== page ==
But increased food production has come at a price: huge tracts of the world’s soils have been seriously degraded, and and excess nitrate is adversely affecting other parts of the ecosystem. Too often, fertilizer is applied in quantities that ensures nitrate-nitrogen is available in-excess of a plant’s needs.  However, the excess nitrate doesn’t just disappear – in fact it is stored in soils and subsoil materials (for months, years, decades), and eventually it is transported by gradual seepage into shallow groundwater aquifers and surface waterways (streams, lakes).  Globally, nitrates are the most common groundwater contaminant.

Levels of nitrate contamination in soils and water are determined by several factors, including:

  • Proximity to nitrate sources,
  • The initial nitrate (fertilizer, sewage) input),
  • The permeability of the soil and subsoil (i.e. the ease with which it will move through soil pores),
  • Precipitation rates – high rainfall will tend to dilute excess nitrate,
  • Irrigation will exacerbate nitrate leaching from surface applications to groundwater,
  • The depth to the local watertable, and the rate at which groundwater flows through an aquifer before being intercepted by wells or freshwater-marine water bodies.

The World Health Organisation recommends no more than 10 milligrams per liter (10 mg/L) nitrate-nitrogen in drinking water, a value adopted by many countries. Shallow aquifer systems (less than 30-40m deep) tend to be most susceptible to nitrate (and other) contamination, particularly if agricultural practices occur in the same watershed (the USGS has released contaminant probability maps).  Although there are significant regional differences, most aquifers in this category, on a global scale, have between 1-10 mg/L nitrates, and many exceed this value, some by 1 and 2 orders of magnitude. This includes aquifers in the USA and Europe, China, and India (there are many other examples).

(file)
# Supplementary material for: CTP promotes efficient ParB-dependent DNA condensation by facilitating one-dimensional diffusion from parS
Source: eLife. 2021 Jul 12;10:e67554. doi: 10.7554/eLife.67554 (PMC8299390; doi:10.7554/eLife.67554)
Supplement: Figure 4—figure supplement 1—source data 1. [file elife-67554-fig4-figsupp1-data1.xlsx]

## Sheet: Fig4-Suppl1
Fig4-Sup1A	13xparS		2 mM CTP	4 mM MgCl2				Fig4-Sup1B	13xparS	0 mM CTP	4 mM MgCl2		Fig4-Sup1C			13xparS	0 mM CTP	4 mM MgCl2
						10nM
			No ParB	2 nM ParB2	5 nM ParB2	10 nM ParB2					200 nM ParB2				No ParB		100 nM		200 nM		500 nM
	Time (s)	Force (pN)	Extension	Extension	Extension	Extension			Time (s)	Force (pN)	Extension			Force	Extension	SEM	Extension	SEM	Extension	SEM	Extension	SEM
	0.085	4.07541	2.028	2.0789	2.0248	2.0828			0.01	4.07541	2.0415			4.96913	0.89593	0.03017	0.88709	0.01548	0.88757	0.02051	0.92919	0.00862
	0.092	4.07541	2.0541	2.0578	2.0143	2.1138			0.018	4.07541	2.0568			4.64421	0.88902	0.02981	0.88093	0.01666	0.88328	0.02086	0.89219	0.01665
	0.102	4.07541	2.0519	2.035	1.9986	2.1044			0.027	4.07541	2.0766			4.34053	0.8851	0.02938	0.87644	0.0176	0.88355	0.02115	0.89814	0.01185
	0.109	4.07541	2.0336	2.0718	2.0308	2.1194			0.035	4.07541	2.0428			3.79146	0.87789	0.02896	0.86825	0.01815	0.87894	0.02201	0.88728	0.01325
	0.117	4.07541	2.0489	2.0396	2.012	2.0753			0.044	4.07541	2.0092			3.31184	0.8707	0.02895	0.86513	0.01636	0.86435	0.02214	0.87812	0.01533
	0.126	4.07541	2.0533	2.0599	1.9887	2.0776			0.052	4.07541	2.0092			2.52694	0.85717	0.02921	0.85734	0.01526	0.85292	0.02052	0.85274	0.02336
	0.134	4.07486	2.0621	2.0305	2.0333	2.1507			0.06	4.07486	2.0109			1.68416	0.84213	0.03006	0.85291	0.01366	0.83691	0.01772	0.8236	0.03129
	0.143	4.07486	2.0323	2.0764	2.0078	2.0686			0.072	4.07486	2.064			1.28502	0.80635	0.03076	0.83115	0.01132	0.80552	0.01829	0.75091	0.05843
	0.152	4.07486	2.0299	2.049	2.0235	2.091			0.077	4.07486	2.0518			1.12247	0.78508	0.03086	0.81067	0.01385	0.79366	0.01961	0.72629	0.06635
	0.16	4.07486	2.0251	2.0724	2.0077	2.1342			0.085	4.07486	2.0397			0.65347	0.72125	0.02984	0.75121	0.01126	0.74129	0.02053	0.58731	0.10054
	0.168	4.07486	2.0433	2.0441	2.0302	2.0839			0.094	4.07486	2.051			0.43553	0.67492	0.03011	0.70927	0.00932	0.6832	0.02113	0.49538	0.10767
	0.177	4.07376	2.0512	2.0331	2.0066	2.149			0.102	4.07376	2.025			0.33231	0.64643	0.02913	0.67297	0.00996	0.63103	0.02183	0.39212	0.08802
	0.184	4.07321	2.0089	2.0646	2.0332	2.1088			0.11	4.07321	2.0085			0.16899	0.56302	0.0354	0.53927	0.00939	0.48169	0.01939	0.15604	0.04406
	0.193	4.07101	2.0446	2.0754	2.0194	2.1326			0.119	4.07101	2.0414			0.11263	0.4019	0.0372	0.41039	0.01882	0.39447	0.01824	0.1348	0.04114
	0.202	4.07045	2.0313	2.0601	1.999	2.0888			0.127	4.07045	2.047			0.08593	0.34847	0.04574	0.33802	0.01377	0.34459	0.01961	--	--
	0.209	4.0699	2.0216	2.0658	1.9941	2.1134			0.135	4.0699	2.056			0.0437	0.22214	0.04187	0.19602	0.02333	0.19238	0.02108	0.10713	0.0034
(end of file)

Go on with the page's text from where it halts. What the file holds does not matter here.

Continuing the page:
Nitrate contamination in shallow aquifers will eventually find its way to surface water bodies such as rivers, lakes, and nearshore marine environments.  Nitrate leaching (commonly in parallel with phosphates) is strongly implicated in promoting algal blooms in surface water, blooms that in many cases are toxic to marine and freshwater life, and people. Algal blooms also reduce the amount of dissolved oxygen in water, and in extreme circumstances can render water bodies biologically ‘dead’.  The coastal province of Shandong, China, for example, is notorious for producing massive blooms of green marine algae, that most analysts consider result from agricultural and sewage effluent.

Not all phytoplankton blooms in oceans and lakes are caused by anthropogenic nitrates (and phosphates), but it seems that an increasing number of them are.